On Saturday, March 20, 2021, protesters gathered in front of the Laval immigration holding centre to protest immigrants’ continued detention during the pandemic. These centres, operated federally by the Canada Border Services Agency (CBSA), hold immigrants pending deportation and visa issuance decisions.
A CBSA spokesperson confirmed three COVID-19 cases at the at Laval facility in February 2021. According to some reports, at least five cases of COVID-19 were recorded among the detained immigrants, but 12 to 15 were placed in de facto solitary confinement. 18 people are currently held in the Laval holding centre. Visits have been cancelled since March 2020, severely limiting access to legal and psychosocial support and further aggravating the isolation. Fearing for their safety, the detained immigrants went on hunger strike on March 1st, 2021 for the third time since the pandemic to protest their detention conditions. They ask to be treated with dignity and to “be protected in this time of pandemic like every Canadian citizen.”
The virus has exasperated conditions in these detention facilities. Detained immigrants report being placed in conditions akin to solitary confinement after testing positive for COVID-19. They describe being locked in a “small and dirty cell,” which they can leave only to use the washroom or make 15-minute phone calls once every two hours. A guard keeps close watch on them during these excursions, so close that immigrants report they cannot physically distance from the guards. Immigrants also detail witnessing guards exhibiting symptoms of COVID-19, not using gloves, and/or taking off their masks. After a week in isolation, they report not being tested again before their transfer from solitary confinement back into shared spaces.
A spokesman for Solidarity Across Borders, an organization advocating for migrant rights based in Montreal, said detained immigrants lacked psychological programs and services that are available “even in the worst prisons”. One desperate immigrant who has been detained for 16 months conveyed his desire to “regain my liberty and finish this already” regardless of whether the immigration authorities “choose me to stay or return me to my country“.
In March 2020, a group of 30 detained immigrants began the first hunger strike demanding to be released from detention as the coronavirus spread through Quebec. Many were released as immigration detention centres emptied over fears of possible COVID-19 outbreaks. The CBSA found alternative arrangements until undocumented migrants and asylum seekers could have their cases processed.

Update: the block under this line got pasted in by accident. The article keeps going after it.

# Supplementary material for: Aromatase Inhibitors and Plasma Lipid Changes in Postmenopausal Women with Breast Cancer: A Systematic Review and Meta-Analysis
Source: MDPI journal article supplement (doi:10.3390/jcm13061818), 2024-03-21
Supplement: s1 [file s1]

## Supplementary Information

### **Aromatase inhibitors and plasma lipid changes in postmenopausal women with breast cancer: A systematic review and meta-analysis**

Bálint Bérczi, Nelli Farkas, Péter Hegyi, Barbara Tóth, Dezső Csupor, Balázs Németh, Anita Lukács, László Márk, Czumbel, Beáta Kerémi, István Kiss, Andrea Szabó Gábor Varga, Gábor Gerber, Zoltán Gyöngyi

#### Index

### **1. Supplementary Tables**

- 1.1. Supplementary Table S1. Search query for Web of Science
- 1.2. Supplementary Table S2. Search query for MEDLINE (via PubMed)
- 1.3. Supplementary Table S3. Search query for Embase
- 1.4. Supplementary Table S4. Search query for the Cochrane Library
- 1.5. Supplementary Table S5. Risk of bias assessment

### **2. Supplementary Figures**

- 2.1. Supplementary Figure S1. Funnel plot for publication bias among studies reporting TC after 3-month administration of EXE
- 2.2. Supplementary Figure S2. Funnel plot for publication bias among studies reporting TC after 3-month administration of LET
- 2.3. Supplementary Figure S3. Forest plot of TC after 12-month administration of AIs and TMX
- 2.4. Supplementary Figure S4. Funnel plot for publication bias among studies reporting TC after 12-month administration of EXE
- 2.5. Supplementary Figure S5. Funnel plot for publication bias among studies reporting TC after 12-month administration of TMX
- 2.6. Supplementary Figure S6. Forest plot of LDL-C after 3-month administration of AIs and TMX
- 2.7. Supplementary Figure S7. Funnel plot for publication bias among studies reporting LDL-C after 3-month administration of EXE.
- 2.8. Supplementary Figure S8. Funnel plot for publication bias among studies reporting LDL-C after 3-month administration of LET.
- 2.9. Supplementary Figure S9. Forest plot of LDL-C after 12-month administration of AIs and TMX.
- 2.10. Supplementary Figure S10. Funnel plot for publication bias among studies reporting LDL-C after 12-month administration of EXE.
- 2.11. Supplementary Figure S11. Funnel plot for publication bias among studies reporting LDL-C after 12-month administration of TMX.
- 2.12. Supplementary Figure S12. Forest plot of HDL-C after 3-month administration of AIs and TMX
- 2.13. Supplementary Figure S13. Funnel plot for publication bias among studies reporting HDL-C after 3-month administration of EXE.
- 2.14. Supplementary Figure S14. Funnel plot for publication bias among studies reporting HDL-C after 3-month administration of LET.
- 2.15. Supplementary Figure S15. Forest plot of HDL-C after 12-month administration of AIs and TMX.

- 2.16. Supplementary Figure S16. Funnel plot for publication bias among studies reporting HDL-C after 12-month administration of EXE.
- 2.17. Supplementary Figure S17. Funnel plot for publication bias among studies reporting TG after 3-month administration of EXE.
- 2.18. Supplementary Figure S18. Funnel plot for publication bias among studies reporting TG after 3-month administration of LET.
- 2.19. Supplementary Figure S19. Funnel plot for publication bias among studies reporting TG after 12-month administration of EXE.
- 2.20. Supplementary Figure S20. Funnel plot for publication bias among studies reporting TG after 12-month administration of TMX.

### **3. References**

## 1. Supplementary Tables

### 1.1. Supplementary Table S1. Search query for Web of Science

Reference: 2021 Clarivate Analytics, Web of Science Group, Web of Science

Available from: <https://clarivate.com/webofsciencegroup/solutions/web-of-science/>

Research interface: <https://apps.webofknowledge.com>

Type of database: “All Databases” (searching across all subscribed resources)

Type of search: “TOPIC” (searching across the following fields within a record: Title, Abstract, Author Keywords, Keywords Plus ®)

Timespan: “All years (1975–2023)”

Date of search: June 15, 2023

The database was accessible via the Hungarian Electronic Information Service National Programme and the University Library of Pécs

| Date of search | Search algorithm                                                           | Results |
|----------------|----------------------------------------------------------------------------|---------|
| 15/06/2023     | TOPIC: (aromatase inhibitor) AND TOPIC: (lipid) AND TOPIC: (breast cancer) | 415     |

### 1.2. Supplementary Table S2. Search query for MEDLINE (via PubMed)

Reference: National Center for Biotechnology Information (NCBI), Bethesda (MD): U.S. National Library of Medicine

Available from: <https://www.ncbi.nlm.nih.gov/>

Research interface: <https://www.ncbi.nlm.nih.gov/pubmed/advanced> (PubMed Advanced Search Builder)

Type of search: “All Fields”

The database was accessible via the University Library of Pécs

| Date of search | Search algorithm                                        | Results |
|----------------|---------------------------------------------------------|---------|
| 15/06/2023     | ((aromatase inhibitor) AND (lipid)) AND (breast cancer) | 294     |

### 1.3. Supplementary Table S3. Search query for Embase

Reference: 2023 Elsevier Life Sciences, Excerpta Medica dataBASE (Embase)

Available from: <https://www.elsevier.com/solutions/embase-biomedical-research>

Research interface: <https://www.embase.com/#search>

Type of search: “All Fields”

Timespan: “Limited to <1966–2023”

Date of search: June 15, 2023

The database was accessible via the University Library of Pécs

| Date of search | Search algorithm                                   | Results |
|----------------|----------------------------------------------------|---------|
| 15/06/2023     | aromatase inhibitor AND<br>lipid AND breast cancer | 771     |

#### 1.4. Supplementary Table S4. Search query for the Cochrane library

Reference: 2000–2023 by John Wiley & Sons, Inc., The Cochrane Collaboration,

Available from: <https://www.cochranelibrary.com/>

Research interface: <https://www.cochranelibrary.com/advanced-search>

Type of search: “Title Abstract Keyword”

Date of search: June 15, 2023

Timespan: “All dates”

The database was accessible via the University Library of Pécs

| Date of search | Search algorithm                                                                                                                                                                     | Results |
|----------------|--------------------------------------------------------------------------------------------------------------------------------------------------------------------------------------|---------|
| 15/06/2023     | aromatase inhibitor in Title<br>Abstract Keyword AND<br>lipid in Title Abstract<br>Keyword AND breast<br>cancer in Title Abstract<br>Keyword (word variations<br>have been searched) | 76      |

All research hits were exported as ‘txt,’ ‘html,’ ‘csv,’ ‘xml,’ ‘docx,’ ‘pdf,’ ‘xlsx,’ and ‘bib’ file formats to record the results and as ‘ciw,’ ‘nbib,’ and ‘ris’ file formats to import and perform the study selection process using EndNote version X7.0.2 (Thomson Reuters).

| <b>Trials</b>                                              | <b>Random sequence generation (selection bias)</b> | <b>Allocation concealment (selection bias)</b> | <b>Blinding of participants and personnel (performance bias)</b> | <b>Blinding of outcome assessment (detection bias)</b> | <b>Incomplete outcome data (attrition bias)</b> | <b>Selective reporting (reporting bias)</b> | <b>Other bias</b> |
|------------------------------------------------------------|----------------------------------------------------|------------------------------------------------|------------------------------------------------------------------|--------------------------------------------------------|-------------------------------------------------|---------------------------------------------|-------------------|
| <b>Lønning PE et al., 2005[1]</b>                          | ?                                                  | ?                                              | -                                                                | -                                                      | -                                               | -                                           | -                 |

Between April 2019 and March 2020, the CBSA detained 8,825 people, including 138 minors (most of whom were detained with a parent), under the Immigration and Refugee Protection Act. By November 2020, 94 remained in detention facilities. The holding centre in Laval, which can accommodate 109 detainees, held 12; the Toronto centre, with a capacity of 183, held 18; and the centre in Surrey, B.C., with a capacity of 70, held 11.
According to CBSA reports, most people imprisoned by CBSA do not pose a danger to Canadians. However, the CBSA controversially rushed the implementation of electronic monitoring during the pandemic without public debate. The implementation of these ankle monitoring devices was a condition for some releases in Quebec and Ontario. A pilot project was supposed to guide policy-making and public debate, but the CBSA appears to have taken advantage of the COVID-19 pandemic to normalize the electronic monitoring of undocumented immigrants in Quebec without proper public scrutiny.
Canada is one of the few countries with a mandatory detention policy, including detention for up to 12 months without judicial review. Previously, anti-terrorism provisions in immigration legislation have been used to detain and deport foreign nationals on secret evidence.
This blog post was written by a CCLA-PBSC RightsWatch student. Views expressed do not necessarily reflect the view of the CCLA or PBSC